AN EXPERIMENT IN SELF-GOVERNMENT – PART III The Spending Clause of the Constitution

All fifty-five delegates to the Constitutional Convention in Philadelphia during the summer of 1787 knew they had to make the Constitution strong enough to last, yet protect freedom and liberty of the people in order to be ratified.  They did not want a monarchy and they feared mob rule.  They were aware no government before had success seeking what the Founders were attempting; a self-governing nation where sovereignty was in the people. My purpose for this essay is to show how the Constitution solves that conundrum.  They also had other concerns about the Constitution’s longevity which is the subject of a separate essay.  

The national government designed in the Constitution is similar to the preceding national government under the Articles of Confederation.  It is inferior to State governments in scope and in extent of its sovereignty.  The national government is strictly limited to enumerated powers, and none others.  It cannot create new powers for itself nor can it amend the Constitution by itself.  Period stop. The States, on the other hand have certain enumerated powers, plus all other powers not given to the national government or prohibited to the States.  Nothing prohibits a state establishing any new power it desires, except:   Powers it ceded to the federal government, and powers impairing the rights of the people to life, liberty and property.  The national government’s powers have effect over the whole nation.  They are “the law of the land.”  Just as the national government is charged with the responsibility for national defense against all enemies, foreign or domestic, so is it capable of providing for the general welfare of the United States.  This is so because the States do not have sovereignty throughout the whole country; that would otherwise overlap with the same sovereignty of other States for their boundaries.   

The preceding paragraph provides the general scheme of federal and state responsibilities.  The devil is in the details, as they say.  To tax and spend are the whole of the devil’s domain because it is recognized that the power to tax is the power to destroy, while the power to spend is the power to corrupt.  Article I, Section 8, Clauses 1 through 18, are specifically the details.

1.     All legislative Powers herein granted shall be vested in a Congress of the United States, which shall consist of a Senate and a House of Representatives.  (Article I, Section 1)

2.     Congress shall have Power to lay and collect Taxes, Duties, Imposts and Excises, to pay the Debts and provide for the common Defence (sic) and general welfareof the United States, (Article I, Section 8, Clause 1)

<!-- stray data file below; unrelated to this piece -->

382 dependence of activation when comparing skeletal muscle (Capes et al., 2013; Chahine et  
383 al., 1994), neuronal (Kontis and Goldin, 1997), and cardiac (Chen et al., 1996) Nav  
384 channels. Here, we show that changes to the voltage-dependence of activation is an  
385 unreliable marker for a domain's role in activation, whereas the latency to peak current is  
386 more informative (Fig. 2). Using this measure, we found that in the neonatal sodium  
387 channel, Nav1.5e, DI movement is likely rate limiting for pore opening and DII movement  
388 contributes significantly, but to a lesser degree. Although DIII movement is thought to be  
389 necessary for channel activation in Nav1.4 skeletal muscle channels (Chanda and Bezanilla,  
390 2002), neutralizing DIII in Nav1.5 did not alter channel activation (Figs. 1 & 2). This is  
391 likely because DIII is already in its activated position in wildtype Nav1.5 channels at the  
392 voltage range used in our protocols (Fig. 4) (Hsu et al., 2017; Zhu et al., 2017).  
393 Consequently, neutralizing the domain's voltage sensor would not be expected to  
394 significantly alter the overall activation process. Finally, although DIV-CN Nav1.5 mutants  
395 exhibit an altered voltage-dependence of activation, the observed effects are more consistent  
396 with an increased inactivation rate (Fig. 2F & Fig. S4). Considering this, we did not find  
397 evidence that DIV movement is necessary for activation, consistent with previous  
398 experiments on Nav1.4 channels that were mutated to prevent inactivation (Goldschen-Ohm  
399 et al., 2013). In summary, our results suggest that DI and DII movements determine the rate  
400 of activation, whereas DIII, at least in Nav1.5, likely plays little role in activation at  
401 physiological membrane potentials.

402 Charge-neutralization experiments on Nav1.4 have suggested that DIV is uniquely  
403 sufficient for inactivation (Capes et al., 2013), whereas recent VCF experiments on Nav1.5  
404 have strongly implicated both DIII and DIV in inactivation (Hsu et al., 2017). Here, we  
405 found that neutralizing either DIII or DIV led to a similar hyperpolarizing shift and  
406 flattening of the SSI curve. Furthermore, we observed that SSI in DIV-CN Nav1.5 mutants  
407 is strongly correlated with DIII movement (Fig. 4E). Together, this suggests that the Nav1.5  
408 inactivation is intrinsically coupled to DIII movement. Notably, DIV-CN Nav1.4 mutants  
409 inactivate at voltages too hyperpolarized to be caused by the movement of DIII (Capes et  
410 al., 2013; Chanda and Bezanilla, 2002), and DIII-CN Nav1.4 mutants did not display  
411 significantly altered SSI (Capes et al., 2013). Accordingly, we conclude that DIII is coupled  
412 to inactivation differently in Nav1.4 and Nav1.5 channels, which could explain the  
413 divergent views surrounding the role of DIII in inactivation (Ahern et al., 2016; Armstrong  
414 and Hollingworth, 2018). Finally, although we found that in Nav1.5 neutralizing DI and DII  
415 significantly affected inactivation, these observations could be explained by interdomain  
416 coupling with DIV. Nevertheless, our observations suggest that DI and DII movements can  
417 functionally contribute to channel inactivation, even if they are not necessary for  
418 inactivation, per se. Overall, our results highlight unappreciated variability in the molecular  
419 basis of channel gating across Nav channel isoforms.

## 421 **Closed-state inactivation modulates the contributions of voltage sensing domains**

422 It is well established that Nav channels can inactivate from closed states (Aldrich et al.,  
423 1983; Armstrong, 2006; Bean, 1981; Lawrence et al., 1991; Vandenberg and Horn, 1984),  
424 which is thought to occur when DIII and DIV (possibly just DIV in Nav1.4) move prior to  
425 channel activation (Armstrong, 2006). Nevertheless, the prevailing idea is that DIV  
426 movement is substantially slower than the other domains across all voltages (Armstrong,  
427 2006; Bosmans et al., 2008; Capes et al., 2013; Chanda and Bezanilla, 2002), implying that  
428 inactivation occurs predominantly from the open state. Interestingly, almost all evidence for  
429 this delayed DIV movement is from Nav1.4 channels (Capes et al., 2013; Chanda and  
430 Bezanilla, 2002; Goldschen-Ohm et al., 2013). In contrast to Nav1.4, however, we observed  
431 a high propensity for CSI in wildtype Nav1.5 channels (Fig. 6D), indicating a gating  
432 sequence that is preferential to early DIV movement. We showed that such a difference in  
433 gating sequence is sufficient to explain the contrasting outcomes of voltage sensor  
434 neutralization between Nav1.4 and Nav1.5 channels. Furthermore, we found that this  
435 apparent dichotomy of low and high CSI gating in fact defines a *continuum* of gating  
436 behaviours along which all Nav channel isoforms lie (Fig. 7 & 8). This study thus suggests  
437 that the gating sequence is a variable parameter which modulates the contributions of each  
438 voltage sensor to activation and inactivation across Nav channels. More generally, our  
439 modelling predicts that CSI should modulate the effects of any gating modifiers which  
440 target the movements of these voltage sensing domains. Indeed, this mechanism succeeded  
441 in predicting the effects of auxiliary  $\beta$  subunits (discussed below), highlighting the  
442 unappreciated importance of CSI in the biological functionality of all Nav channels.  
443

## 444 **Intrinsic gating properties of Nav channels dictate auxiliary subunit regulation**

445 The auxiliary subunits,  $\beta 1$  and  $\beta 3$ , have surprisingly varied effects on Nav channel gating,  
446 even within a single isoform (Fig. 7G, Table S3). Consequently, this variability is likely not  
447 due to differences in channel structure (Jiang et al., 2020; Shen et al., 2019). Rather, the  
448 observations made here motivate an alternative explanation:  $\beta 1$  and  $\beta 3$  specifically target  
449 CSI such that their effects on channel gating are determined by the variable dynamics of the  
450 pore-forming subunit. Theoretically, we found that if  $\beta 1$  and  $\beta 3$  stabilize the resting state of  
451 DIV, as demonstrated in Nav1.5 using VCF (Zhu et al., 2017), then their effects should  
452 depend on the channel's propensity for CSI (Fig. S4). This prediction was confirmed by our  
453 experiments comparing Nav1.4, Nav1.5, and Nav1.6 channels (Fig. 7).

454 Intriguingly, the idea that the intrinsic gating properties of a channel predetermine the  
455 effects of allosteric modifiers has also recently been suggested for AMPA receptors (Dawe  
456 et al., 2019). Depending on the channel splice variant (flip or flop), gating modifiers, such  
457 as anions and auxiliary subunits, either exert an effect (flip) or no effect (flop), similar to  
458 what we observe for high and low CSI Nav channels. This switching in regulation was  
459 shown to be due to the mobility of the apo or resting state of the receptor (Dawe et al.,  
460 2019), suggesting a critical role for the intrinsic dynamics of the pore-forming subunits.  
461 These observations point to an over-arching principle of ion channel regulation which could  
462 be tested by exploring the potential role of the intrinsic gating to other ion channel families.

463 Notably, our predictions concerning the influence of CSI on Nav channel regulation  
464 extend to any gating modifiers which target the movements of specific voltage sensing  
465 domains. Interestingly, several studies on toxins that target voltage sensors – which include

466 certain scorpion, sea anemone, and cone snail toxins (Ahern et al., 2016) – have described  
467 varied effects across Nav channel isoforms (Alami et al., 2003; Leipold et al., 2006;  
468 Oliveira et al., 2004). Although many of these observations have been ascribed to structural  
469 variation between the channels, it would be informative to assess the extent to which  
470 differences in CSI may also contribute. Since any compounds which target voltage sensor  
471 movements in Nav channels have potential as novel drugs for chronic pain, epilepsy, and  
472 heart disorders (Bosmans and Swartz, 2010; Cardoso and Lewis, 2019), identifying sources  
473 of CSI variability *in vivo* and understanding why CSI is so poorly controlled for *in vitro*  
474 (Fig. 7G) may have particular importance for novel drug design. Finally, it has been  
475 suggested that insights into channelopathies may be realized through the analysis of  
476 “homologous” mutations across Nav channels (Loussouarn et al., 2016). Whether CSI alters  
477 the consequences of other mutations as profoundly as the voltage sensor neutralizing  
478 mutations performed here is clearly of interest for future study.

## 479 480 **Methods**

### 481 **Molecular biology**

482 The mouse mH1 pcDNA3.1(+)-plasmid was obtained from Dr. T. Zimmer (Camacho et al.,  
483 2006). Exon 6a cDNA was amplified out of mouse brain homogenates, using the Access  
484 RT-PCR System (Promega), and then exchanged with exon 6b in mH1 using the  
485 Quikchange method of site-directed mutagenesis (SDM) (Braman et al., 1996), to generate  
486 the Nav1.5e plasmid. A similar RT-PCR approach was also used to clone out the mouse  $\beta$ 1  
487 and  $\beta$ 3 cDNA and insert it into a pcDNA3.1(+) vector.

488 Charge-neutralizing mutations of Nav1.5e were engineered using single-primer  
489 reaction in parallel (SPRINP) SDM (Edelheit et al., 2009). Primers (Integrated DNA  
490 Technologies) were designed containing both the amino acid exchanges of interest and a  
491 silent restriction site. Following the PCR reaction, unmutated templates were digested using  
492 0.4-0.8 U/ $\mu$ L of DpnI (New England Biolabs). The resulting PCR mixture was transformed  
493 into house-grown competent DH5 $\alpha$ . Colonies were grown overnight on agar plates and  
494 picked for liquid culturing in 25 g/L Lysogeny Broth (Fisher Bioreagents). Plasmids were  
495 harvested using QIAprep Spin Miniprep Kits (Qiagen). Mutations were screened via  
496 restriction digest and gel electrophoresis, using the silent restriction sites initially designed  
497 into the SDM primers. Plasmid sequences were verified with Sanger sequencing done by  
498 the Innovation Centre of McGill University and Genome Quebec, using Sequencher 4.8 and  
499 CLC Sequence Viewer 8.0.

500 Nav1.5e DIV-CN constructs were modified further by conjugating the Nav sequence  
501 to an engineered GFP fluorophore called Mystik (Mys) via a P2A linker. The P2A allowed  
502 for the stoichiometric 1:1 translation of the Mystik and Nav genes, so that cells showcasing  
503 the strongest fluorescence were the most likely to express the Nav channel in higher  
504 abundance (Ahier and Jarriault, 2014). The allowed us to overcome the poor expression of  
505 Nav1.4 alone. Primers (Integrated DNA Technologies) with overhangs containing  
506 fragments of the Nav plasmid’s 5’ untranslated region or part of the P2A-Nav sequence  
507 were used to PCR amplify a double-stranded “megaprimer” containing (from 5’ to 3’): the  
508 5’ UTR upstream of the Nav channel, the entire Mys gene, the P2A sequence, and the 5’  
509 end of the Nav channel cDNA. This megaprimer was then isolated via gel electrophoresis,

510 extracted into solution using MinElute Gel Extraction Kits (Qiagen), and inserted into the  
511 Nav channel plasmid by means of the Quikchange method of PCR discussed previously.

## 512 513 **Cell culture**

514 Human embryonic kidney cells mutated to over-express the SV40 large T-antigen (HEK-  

3.     …All Duties, Imposts and Excises shall be uniform throughout the United States….(Article I, Section 8, Clause 1)

4.     The Congress shall have Power To…borrow Money on the credit of the united States….(Article I, Section 8, Clause 2)

5.     The Congress shall have Power to …make all Laws which shall be necessary and proper for carrying into Execution the foregoing Powers, and all other Powers vested by this Constitution in the Government of the United States, or in any Department or Officer thereof.  (Article I, Section 8, Clause 18)

These provisions bring together legislative power (limited and enumerated), taxing power and power to spend money of the government of the United States.  All belong together in Congress.  In 1787, the word “welfare” by itself meant doing some good for some people, but not required to be for all the people.  The meaning of the words general welfareof the United Stateswas known to the Convention delegates and to the people at large to mean welfare for all of the people at the same time, and this welfare must be in every jurisdiction of the United States, at the same time.  In addition, the common defence (sic) also means the defense of all the people and of all the territory of the United States.  The words general welfarewere so strongly limited by that generally accepted meaning that there was very little debate in the Convention or among the ratifying state conventions to reign-in its “excessive” meaning.  If there is to be welfare for the entire nation, it has to be supplied by Congress, not by the separate States.  

PUBLIUSTOO.COM                                                                                      October 1, 2019 Constitutional Taxing and Spending